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Don’t Know Much About® Internment


Photo by Dorothea Lange of Japanese-American grocery store on the day after Pearl Harbor Source: Library of Congress


Following the December 7, 1941 attack on Pearl Harbor by Japan, there was a wave of fear and hysteria aimed at Japanese and people of Japanese descent living in America, including American citizens, mostly on the West Coast. On February 19, 1942. President Franklin D. Roosevelt issued Executive Order 9066 which declared certain areas to be “exclusion zones” from which the military could remove anyone for security reasons. It provided the legal groundwork for the eventual relocation of approximately 120,000 people to a variety of detention centers around the country, the largest forced relocation in American history. Nearly two-thirds of them were American citizens.

On March 23, 1942, the United States government began taking away the liberty of more than one hundred thousand people–the Japanese Americans viewed as a threat after Pearl Harbor. On that date, the U.S. Army began removing people of Japanese descent from Los Angeles. (Smaller numbers of Americans of German and Italian descent were also detained.)

Photo Source: National Archives

The attitude of many Americans at the time was expressed in a Los Angeles Times editorial of the period:

“A viper is nonetheless a viper wherever the egg is hatched… So, a Japanese American born of Japanese parents, nurtured upon Japanese traditions, living in a transplanted Japanese atmosphere… notwithstanding his nominal brand of accidental citizenship almost inevitably and with the rarest exceptions grows up to be a Japanese, and not an American…” (Source: Impounded, p. 53)

There were several types of camps run by the government but the most notable, including Manzanar, were the “Relocation Centers” run by the War Relocation Authority. The camps were located in remote often desolate areas, some on lands purchased from Native American nations. Surrounded by barbed wire, they featured tar paper shacks with no toilets or cooking facilities.”Spartan” would be a kind description.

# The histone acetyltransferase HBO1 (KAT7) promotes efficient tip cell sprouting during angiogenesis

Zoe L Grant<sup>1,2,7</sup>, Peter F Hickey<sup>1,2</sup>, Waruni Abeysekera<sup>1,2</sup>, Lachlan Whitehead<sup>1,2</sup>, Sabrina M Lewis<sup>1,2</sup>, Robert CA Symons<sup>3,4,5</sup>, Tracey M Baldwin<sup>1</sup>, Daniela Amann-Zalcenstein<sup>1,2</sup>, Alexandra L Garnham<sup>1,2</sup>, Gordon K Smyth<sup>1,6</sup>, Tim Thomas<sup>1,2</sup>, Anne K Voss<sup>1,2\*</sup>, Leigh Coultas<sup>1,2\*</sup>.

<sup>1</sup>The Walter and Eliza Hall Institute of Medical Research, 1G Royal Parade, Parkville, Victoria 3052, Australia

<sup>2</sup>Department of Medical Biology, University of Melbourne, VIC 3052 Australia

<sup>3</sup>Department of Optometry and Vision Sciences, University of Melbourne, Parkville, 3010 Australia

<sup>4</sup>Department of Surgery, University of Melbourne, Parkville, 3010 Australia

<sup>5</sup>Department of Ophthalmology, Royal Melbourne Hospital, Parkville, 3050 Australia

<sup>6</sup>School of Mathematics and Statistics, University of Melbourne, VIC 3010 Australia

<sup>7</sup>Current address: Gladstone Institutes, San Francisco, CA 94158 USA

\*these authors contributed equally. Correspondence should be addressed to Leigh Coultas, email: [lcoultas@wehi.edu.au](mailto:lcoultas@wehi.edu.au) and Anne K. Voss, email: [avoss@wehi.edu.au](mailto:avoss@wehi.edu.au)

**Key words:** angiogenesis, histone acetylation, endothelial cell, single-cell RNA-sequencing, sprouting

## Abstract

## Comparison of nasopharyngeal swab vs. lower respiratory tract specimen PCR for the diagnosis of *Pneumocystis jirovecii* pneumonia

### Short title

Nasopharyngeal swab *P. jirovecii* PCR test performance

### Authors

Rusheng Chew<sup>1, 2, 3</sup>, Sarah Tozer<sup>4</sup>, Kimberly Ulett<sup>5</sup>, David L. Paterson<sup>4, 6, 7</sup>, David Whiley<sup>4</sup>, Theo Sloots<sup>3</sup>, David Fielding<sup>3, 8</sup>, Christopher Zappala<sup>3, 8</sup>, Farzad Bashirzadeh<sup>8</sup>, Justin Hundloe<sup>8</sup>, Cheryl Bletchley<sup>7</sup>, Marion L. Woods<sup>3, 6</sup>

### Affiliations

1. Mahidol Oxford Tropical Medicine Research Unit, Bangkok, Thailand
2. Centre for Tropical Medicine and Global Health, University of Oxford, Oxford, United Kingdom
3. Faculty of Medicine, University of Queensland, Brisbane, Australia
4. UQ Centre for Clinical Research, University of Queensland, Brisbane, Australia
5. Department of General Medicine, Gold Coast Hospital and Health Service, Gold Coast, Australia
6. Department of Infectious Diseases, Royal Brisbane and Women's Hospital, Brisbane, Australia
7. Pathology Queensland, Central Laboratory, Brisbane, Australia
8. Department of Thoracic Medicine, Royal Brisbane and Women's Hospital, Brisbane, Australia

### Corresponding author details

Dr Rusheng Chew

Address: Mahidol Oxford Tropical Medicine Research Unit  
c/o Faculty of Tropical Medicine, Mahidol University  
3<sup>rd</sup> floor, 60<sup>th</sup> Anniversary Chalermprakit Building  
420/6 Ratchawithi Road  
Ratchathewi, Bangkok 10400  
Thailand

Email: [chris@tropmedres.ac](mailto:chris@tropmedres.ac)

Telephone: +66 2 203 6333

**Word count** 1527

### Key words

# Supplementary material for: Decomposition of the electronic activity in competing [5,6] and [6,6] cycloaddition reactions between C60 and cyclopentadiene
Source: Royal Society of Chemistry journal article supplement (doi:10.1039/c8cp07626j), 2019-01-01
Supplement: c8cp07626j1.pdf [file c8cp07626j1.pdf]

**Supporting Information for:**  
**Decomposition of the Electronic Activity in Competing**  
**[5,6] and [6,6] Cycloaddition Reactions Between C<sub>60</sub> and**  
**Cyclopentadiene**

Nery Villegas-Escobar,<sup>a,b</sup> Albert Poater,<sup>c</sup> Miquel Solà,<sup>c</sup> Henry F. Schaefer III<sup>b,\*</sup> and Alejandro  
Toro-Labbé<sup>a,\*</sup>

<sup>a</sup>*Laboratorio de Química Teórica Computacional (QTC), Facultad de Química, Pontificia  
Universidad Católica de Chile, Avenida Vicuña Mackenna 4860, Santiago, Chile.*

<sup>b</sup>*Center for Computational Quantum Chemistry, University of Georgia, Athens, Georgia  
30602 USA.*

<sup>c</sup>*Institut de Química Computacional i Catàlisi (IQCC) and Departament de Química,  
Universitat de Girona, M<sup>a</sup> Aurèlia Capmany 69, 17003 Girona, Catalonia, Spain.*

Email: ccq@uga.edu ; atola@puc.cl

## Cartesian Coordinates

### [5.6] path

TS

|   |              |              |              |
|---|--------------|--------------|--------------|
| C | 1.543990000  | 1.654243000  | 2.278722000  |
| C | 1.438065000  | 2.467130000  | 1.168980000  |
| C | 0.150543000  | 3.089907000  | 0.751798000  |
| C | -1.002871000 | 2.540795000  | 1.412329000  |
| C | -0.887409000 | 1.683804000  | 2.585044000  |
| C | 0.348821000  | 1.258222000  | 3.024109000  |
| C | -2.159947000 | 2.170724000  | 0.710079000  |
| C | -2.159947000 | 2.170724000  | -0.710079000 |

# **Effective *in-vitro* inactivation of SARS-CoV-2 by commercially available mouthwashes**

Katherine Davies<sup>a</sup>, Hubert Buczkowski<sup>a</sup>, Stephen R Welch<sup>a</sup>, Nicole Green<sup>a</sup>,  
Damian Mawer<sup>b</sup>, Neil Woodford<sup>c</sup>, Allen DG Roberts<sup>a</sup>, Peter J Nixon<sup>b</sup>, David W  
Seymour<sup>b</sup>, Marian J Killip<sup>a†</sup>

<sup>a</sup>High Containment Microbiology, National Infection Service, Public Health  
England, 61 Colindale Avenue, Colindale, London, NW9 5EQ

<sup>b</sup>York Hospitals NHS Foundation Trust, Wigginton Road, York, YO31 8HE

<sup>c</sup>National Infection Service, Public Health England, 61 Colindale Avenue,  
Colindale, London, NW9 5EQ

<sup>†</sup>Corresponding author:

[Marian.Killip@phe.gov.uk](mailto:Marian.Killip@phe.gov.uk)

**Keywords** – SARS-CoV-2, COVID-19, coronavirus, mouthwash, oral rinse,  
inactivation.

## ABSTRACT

In 1943, the Army invited Japanese Americans to enlist, and during the war, 30,000 Japanese Americans volunteered to serve in the U.S. military. (Source: National Archives)

The exclusion order was rescinded in 1945 and internees were allowed to leave, although many had lost their homes, businesses and property during their confinement. However, the last camp did not close until 1946.

In 1980, Congress established the Commission on Wartime Relocation and Internment of Civilians to investigate the internment and, in 1988, President Reagan signed the Civil Liberties Act of 1988 which provided for a reparation of $20,000 to surviving detainees.

One of those detainees was Albert Kurihara who told the Commission on Wartime Relocation and Internment of Civilians in 1981:

“I hope this country will never forget what happened, and do what it can to make sure that future generations will never forget.” (from Impounded, Norton)

The National Parks Service offers a Teaching With Historic Places lesson plan based on the camps some of which are now part of the National Parks System including Minidoka in Idaho and the Manzanar camp in California.

Archival Research Gallery (National Archives) of Japanese-American Experience

Library of Congress Collection of Ansel Adams photographs of internment camp at Manzanar

Photographer Dorothea Lange also photographed the internment camps and her censored images were published in 2006 in the book Impounded: Dorothea Lange and the Censored Images of Japanese American Internment (WW Norton, 2006).


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